“He then informed me that an express train was on the point of starting for Mannheim; that it would be safest for me to take it, to diverge from the general route at that place, and proceed by country roads and eilwagens to Frankfort. He should write to me next day, and name the time and place of meeting. Assuring me again of his unalterable reformation, and kissing me on the forehead with renewed expressions of love, he left me.

“I spent three days at Frankfort in the cruelest suspense and apprehension, during which time I received two letters from him, both purporting that I had better go to Paris in the case of his non-appearance shortly. I cannot remember the postmark of the last letter. The first bore that of Thun. I did not wonder at his first delay, for I knew that his path was one of unsafety wherever he was known.

“That I am a robber, a betrayer of my master’s trust, a dupe to incredible folly, I do not deny. That I am innocent of any intention to murder him; that he was alive, and, to all appearances, in his usual health when I left him, I affirm on my most sacred oath.

“This is the truth, and nothing but the truth.

Norah Henri Martyn.


Two circumstances blackened, almost beyond hope of whitening, the mass of evidence against Norah Martyn.

First and chiefly:—she was the last person seen to enter the room of Paul Jansiewich, between the hours of one and four on the day of the murder.

Secondly:—she was known to be in the old man’s confidence, and to have so far an interest in his death, that in the event of it, she was nominated guardian to the young girl, Alexandrina, at a high fixed salary, double the sum she had hitherto been receiving. Norah Martyn denied any knowledge of this, but thus ran the will, and to a woman who had sworn herself the accomplice of a gambler, a thief, a swindler, what credence, removed from the evidence of facts, could be given?

The following facts were all that as yet threw any light on the subject. Immediately after dining with his grand-daughter and her governess in the common dining-room, Paul Jansiewich had retired to his sanctum, which was built beyond the apartment he had just quitted, and had no other communication whatever with the house. Dinner being over by one o’clock, it was between one and two that Norah Martyn carried him a cup of coffee, as was her usual habit, returned with the empty cup, read English to her pupils for about twenty minutes, then started up looking a little agitated, saying that she had an important question to ask M. Jansiewich before going out. She said this to Sasha in the hearing of their servant, who also saw her issue from the dining-room leading out of M. Jansiewich’s apartment a few minutes later. No noise was heard. The two ladies soon after put on their bonnets and went out; it was owing to their absence at four o’clock, that the hausfrau sent a servant with coffee and bread to M. Jansiewich, it being customary in the house to take a light meal between dinner and supper.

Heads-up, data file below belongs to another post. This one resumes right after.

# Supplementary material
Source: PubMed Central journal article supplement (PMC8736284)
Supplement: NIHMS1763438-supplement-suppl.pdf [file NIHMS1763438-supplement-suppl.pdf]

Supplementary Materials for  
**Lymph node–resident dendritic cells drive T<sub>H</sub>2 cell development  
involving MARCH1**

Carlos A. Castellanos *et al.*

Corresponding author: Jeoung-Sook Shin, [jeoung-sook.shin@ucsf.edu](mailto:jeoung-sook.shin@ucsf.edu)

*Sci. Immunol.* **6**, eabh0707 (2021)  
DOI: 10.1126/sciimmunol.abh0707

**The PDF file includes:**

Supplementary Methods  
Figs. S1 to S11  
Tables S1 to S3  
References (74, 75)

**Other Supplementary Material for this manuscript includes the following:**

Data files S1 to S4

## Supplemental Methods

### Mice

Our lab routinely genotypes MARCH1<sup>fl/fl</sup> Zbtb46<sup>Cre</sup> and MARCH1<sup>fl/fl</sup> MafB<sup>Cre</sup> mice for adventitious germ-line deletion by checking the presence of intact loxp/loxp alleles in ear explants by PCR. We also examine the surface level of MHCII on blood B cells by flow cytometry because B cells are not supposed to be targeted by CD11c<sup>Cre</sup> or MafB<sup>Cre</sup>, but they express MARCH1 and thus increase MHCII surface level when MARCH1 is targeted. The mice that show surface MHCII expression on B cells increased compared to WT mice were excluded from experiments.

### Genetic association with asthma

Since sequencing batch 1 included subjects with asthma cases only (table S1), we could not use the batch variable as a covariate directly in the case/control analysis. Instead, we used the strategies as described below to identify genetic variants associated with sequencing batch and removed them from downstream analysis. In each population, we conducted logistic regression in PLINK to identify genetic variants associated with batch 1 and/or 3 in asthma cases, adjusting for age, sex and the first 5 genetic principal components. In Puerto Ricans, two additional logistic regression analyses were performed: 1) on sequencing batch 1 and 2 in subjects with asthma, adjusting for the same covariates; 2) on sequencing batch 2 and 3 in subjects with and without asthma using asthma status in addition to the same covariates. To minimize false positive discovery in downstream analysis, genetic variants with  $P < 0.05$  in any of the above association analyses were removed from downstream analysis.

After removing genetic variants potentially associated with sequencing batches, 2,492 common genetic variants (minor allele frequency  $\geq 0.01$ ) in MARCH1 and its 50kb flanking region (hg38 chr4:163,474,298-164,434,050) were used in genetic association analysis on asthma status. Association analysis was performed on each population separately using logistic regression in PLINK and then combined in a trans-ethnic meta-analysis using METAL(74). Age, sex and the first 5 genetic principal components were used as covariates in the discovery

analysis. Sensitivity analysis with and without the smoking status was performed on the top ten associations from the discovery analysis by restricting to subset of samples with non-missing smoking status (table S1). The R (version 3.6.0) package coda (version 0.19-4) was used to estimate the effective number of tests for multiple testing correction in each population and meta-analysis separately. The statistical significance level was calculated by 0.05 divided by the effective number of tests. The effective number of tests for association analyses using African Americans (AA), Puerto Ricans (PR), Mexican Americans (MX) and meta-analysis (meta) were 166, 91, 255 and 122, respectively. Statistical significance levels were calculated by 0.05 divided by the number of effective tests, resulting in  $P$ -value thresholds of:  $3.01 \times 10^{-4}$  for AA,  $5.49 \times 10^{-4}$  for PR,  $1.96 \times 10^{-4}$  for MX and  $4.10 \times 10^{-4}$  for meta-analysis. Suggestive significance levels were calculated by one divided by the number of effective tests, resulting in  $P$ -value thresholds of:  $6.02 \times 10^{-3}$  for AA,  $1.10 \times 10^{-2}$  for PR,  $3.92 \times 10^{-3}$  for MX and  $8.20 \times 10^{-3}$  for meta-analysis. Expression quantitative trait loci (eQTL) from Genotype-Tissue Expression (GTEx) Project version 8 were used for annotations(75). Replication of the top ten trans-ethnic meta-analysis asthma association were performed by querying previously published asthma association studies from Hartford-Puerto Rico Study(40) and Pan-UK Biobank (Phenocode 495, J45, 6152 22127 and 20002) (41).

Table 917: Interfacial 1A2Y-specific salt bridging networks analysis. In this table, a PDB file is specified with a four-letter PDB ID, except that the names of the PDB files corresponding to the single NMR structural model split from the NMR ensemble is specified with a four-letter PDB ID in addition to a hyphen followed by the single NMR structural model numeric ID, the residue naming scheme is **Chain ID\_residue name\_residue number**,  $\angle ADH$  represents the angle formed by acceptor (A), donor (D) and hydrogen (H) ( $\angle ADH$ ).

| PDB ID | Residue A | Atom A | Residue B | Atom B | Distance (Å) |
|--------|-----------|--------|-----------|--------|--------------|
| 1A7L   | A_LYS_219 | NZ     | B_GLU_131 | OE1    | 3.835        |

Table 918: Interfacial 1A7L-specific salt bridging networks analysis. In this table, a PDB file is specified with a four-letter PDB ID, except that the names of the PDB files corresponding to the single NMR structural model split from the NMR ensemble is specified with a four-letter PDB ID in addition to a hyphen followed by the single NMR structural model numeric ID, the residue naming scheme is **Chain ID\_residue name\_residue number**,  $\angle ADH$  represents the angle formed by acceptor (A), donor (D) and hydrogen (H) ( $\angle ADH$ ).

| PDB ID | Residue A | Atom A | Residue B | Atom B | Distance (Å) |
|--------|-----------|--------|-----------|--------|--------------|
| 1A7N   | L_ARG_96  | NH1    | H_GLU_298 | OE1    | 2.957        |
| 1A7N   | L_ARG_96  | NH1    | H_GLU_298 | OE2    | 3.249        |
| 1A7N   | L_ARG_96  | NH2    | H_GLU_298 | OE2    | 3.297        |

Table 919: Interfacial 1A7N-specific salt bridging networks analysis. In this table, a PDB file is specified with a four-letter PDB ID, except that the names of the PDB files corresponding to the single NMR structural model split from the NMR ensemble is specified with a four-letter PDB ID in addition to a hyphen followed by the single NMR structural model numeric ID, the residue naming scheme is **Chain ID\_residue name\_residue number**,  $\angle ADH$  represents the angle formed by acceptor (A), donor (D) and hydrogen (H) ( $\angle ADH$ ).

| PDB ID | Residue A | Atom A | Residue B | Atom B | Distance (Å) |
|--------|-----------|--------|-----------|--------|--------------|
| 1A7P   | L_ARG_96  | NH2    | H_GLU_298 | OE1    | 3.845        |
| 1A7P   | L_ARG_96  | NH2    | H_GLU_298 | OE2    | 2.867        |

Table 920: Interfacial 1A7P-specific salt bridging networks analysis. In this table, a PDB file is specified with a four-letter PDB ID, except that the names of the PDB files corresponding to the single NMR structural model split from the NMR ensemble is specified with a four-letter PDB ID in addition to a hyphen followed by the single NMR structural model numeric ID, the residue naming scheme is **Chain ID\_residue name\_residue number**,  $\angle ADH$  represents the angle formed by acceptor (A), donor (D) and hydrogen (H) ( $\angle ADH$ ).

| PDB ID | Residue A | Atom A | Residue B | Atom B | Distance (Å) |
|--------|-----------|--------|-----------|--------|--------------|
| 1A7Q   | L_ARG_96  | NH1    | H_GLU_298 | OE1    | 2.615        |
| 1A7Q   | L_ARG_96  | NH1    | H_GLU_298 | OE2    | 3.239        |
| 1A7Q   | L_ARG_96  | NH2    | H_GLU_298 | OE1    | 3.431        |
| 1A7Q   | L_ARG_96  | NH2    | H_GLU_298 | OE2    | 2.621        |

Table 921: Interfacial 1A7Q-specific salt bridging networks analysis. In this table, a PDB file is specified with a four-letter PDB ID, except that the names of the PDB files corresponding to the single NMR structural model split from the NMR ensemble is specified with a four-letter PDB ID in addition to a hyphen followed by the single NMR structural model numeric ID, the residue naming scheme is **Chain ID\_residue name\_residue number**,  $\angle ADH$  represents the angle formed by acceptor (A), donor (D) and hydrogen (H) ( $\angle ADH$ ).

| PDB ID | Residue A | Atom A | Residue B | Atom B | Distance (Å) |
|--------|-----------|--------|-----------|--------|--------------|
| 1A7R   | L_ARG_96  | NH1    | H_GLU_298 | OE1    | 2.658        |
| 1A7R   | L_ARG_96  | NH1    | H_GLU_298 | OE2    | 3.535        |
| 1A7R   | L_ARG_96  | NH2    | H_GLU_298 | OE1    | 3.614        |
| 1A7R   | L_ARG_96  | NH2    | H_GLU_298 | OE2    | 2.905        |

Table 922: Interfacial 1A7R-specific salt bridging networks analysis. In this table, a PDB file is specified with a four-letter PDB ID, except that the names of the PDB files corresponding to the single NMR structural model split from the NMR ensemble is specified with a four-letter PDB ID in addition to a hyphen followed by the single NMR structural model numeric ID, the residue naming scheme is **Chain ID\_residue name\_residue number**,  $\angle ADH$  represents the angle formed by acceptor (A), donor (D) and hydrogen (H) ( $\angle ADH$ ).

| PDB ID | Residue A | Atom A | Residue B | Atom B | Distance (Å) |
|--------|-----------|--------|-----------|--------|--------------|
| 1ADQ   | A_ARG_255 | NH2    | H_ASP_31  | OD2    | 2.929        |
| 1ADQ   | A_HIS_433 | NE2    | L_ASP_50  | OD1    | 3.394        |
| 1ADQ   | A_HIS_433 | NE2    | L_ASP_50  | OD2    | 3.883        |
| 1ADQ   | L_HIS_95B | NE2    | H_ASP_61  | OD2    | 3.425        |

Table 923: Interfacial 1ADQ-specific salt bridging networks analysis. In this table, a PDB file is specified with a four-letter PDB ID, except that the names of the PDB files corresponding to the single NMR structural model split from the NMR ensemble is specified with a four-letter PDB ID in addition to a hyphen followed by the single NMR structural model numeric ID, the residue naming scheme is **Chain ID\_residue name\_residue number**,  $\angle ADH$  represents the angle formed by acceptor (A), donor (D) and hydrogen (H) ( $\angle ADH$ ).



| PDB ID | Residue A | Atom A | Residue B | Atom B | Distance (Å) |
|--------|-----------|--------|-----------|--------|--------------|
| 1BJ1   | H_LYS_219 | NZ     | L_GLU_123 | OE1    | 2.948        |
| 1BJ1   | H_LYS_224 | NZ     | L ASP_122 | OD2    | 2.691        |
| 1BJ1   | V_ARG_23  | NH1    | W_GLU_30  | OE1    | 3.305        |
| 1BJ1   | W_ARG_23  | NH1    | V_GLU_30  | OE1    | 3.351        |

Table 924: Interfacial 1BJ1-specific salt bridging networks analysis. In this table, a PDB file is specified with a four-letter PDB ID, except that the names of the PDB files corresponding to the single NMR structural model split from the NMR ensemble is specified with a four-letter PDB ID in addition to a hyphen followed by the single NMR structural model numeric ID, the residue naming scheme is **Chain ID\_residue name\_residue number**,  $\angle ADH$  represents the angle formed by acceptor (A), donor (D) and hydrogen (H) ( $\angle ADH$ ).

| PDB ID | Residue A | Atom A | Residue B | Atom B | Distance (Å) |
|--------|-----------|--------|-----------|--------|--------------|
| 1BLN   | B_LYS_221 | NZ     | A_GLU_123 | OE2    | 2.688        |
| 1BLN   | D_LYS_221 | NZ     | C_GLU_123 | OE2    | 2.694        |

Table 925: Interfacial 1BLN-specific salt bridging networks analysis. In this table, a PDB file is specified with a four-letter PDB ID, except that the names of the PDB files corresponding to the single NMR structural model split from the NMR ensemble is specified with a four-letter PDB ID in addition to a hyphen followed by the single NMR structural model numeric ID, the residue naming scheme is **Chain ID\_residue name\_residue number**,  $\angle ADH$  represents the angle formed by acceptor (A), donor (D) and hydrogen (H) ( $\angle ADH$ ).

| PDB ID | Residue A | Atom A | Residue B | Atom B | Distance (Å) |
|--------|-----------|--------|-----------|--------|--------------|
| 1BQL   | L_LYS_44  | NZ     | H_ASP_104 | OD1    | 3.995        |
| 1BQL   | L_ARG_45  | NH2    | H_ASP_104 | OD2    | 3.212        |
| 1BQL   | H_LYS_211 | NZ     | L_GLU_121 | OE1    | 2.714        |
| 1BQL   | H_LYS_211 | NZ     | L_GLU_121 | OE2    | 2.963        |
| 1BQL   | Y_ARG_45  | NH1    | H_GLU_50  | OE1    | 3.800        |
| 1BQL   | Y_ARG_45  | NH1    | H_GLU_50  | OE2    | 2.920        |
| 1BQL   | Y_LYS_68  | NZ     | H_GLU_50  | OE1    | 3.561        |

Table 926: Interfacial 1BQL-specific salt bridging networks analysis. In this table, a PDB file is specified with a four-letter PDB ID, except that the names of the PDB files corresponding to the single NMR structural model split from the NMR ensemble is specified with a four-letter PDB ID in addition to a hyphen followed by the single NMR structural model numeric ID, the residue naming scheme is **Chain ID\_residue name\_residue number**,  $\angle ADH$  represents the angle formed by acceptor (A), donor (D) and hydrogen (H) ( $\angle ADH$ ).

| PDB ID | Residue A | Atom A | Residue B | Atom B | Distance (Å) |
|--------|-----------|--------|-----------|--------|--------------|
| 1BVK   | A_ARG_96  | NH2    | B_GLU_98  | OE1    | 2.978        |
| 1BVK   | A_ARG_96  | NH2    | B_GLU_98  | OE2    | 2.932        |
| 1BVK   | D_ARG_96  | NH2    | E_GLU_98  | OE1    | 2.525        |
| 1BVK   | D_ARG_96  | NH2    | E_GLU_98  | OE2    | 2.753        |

What was the girl’s horror to find the old man lying dead upon the floor, apparently killed by a heavy blow on the head? No weapon was found, and the room bore no sign of any struggle.

On whom else but Norah Martyn, could possible suspicions rest? No doubt, the flight of Sasha and M. Talobre formed another mysterious adjunct to this strange story; but with regard to the murder, the two could only be required as witnesses. It was proved by the servant’s testimony, and also by that of her governess, that Sasha could not have seen M. Jansiewich since the dinner-hour. As to M. Talobre, he had not been seen on the premises of Herr Popp’s institution since the day of his last lesson, which happened on the Saturday previous to the murder, and he had been seen in Stuttgart by several people on the fatal day. This testimony, it will be observed, exactly tallied with his unhappy wife’s confession.

How the French master had found opportunity to woo and win the young Russian heiress, was no little matter of conjecture and gossip, till a paper was accidentally found among her copy-books, which showed that he had made artful use of his scholastic privileges to that effect. The paper, a piece of foolscap, and to all appearances an ordinary school exercise, was closely written with the warmest and wildest declarations of love, the most romantic sketches of a life blessed with the fervency of poetic passion; in fine, all that was calculated to captivate the heart and brain of a young girl.

Where were they, these ill-suited, unprincipled, to all others such unloving, lovers? Was their honey-moon an agreeable one, or did the asphodel of their own hearts spoil the sweetness of it a little? Did the dark shadow of that woman’s avenging, awful soul blot out the sun from their hiding place? I think it must have done. Alexandrina was hardly tender-hearted and womanly enough to be happy any how, and for him, the very name of happiness was a jest too poor to laugh at. Yet he had romance in him still. There is no doubt that he loved her after his own fashion, for she was fresh and fair, and no man with that hushed, deep-sinking voice of his, and that winning smile, could ever lose a certain unrespecting admiration of women.